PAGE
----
Around the United States and worldwide, governments and companies are setting ambitious clean energy and decarbonization goals. According to the Clean Energy States Alliance, 18 states plus Washington, D.C., and Puerto Rico have 100% clean energy mandates or goals. At the federal level, the Biden Administration set a target to reduce economy-wide greenhouse gas emissions by 50-52% by 2030 and create a carbon-free electric grid by 2035.
It's not just government policymakers setting bold clean energy targets. More than 300 global corporations, including household names like Apple, 3M, General Motors and Anheuser-Busch, have all joined the RE100 initiative, in which companies commit to meeting a 100% renewable energy target.
In many ways, these aggressive objectives are a natural response to the daunting challenges the entire world faces in attempting to limit and effectively respond to the dire impacts of a warming world. This past August's release of the United Nation's Intergovernmental Panel on Climate Change (IPCC) was a stark reminder of the need for transformative and rapid change to avoid the worst effects of climate change. UN Secretary-General Antonio Guterres' description of the report's findings as a "code red for humanity" could not have been less ambiguous about the need for fast action.
Sharing lessons from D.C.'s progress and charting its future path
Setting ambitious clean energy and decarbonization goals is an essential step in tackling climate change. While critical for establishing a direction and foundation for policymaking, regulatory activities and investments, setting the targets is arguably the easiest task. Determining and implementing the specific programs, regulatory frameworks, incentives and technologies that can drive cost-effective and equitable clean energy deployments and economy-wide decarbonization are both complex and extraordinarily important.
A deep dive into the many issues, challenges and opportunities involved in achieving Washington, D.C.'s renewable energy and climate goals is on the agenda at the upcoming "Clean Energy Summit: Path to Decarbonization." The free hybrid event on September 28 will be hosted by Public Service Commission of the District of Columbia (DCPSC) Chairman Willie L. Phillips.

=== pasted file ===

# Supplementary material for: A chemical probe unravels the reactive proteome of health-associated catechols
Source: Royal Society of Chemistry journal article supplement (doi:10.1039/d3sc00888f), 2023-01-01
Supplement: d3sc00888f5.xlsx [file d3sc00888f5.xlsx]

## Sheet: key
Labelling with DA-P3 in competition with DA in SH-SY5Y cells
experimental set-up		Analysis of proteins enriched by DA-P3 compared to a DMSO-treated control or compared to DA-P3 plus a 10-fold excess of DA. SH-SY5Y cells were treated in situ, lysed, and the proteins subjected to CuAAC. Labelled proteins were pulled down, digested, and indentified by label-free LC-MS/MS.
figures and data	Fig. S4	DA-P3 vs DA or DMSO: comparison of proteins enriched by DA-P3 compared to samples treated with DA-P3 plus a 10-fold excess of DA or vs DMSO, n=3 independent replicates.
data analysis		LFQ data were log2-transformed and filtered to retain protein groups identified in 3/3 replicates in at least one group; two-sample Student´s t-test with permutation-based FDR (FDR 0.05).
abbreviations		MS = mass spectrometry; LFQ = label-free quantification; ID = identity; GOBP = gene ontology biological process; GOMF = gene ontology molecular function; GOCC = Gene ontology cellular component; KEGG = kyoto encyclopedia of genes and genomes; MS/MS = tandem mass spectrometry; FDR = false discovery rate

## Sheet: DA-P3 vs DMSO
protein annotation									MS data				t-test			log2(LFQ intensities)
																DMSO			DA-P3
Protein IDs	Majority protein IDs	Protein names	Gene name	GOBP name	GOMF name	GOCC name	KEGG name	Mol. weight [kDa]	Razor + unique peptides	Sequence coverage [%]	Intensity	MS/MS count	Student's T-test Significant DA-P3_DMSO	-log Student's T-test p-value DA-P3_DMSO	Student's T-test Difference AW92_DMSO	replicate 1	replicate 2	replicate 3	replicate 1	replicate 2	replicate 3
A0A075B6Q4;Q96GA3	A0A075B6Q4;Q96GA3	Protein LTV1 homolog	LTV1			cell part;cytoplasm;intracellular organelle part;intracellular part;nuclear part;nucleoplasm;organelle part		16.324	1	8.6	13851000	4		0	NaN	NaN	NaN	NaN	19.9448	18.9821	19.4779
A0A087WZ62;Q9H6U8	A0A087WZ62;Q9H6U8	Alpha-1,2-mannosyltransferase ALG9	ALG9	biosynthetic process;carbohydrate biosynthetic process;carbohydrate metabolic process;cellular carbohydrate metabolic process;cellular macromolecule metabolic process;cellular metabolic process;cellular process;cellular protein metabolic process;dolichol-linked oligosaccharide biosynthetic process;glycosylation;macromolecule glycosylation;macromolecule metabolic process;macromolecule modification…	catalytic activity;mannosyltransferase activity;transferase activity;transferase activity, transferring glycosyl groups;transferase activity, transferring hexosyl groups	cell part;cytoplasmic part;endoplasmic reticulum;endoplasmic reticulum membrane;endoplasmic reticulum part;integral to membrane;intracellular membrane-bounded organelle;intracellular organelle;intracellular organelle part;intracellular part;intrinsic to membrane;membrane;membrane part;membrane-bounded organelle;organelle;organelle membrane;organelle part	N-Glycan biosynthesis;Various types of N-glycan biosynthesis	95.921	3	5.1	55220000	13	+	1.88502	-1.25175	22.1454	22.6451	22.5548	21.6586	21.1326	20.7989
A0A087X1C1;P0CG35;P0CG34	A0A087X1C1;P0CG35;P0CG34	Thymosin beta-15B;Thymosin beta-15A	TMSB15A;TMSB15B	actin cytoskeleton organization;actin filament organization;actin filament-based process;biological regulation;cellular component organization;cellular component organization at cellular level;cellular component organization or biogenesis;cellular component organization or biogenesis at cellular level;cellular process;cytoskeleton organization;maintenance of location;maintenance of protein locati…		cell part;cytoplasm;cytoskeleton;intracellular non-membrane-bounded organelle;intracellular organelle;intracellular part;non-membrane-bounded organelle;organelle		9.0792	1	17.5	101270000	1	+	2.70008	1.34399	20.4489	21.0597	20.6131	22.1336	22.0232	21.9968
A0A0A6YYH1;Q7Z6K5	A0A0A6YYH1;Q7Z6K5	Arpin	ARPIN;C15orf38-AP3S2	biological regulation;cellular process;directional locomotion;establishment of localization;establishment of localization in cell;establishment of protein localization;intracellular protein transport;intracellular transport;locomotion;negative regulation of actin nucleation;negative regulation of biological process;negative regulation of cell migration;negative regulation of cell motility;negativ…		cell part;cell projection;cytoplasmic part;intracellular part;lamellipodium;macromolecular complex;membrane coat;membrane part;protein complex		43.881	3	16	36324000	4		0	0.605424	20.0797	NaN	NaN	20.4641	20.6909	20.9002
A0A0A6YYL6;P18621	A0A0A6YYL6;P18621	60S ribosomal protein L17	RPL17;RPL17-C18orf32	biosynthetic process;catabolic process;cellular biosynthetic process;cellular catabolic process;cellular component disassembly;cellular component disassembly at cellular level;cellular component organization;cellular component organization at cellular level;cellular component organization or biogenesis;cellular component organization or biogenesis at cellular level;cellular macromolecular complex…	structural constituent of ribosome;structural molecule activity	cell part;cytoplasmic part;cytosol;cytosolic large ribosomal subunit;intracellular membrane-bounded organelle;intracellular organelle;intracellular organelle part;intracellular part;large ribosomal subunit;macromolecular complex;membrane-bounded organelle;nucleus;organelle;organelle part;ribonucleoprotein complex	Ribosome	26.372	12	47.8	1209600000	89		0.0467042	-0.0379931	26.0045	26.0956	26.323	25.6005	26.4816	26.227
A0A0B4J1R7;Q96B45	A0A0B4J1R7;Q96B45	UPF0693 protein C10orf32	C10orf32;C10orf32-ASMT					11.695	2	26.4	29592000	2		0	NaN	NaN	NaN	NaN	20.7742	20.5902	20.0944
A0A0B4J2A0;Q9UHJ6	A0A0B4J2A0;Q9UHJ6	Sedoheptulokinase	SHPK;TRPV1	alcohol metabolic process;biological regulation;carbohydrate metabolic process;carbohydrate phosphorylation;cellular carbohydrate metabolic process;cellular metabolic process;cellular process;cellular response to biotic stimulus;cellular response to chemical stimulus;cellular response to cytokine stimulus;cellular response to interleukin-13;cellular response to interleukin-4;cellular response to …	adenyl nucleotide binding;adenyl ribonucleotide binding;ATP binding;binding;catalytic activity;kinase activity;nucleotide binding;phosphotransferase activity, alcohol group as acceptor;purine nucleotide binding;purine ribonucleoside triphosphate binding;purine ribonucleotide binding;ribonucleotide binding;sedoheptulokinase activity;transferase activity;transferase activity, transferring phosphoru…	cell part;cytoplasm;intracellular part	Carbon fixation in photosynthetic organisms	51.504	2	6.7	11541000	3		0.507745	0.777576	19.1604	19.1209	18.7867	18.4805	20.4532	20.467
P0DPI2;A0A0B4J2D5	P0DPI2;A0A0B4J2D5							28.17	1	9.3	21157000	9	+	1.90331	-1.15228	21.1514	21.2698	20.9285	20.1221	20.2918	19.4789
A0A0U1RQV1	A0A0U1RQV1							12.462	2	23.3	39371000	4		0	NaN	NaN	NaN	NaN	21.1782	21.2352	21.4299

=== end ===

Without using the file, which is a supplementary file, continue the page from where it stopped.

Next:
While the event, which will feature federal, state and city policymakers and regulators as well as utility and renewable energy leaders, including FERC Chairman Richard Glick, will focus on challenges and opportunities unique to the District, the keynote addresses and discussions will apply to anybody playing a role in creating a clean energy future. Indeed, the city's leadership and experience in forging policies, programs and strategies to drive decarbonization provide a model and lessons for other jurisdictions pursuing similar goals. For example, the District's Renewable Energy Portfolio Standard (RPS) mandates the District to achieve 100% clean energy by 2032 and to get 10% of its electricity from solar generating facilities around the city by 2041. Already, the DCPSC has certified more than 8,000 individual solar and community renewable energy facilities totaling more than 130 megawatts.
Challenges and opportunities to achieve equitable and cost-effective decarbonization
At the Clean Energy Summit, attendees and speakers will discuss promising pathways to build on D.C.'s progress. For instance, at the session, "To 2032 and Beyond! How Will D.C. Reach Its Ambitious Clean Energy Goals?" panelists from D.C. government agencies, as well as renewable energy CEOs from New Columbia Solar and Volt Energy and the D.C. Green Bank will share lessons about what has worked well to increase clean energy installations as well as the infrastructure and other last-mile challenges that need to be overcome to achieve D.C.'s goals.
Ensuring that these goals are achieved in a way that benefits all D.C. residents will be a topic in the session, "Electrification, Equity and Cost-Effectiveness: What Does The Pathway To Decarbonization Look Like?" D.C's Office of the People's Counsel (OPC) has made it clear that any climate change solutions must deliver equity, reliability and safety to all District residents. Panelists from the Electric Power Research Institute (EPRI), Exelon Utilities, American Gas Association and the Sierra Club will discuss how electrification, in particular, can simultaneously drive down emissions in transportation and industry while also promoting equity and fairness.
Using D.C. as an example, Paul Kjellander, the president of the National Association of Regulatory Utility Commissions, will lead a discussion important to the city, state, regional and federal decision-makers involved in achieving clean energy goals. This session, "Who's the Boss? Navigating the Federal and Regional Context to Meet State Clean Energy Goals," will feature regulators from Illinois, New York, Maryland, Pennsylvania and Washington, D.C., as well as Manu Asthana, the president and CEO of PJM Interconnection, the regional grid operator. Participants will discuss how federal policies and regional market rules impact state goals.
DCPSC Chairman Phillips will be joined by Jeff Marootian, a special assistant to the President for climate and science at The White House, to wrap up the summit. Also offering final thoughts virtually will be Kelly Speakes-Backman, Acting Assistant Secretary, U.S. Department of Energy and Dr. Cecelia Martinez, senior director for environmental justice for The White House Council on Environmental Quality.
While the discussions at the summit will cover a lot of ground and be understandably D.C.-specific at times, the varied lineup of speakers indicates the unprecedented level of cooperation and collaboration required for not only D.C. but all states to accelerate the deep decarbonization the world needs. The summit is an opportunity to foster that vital collaboration.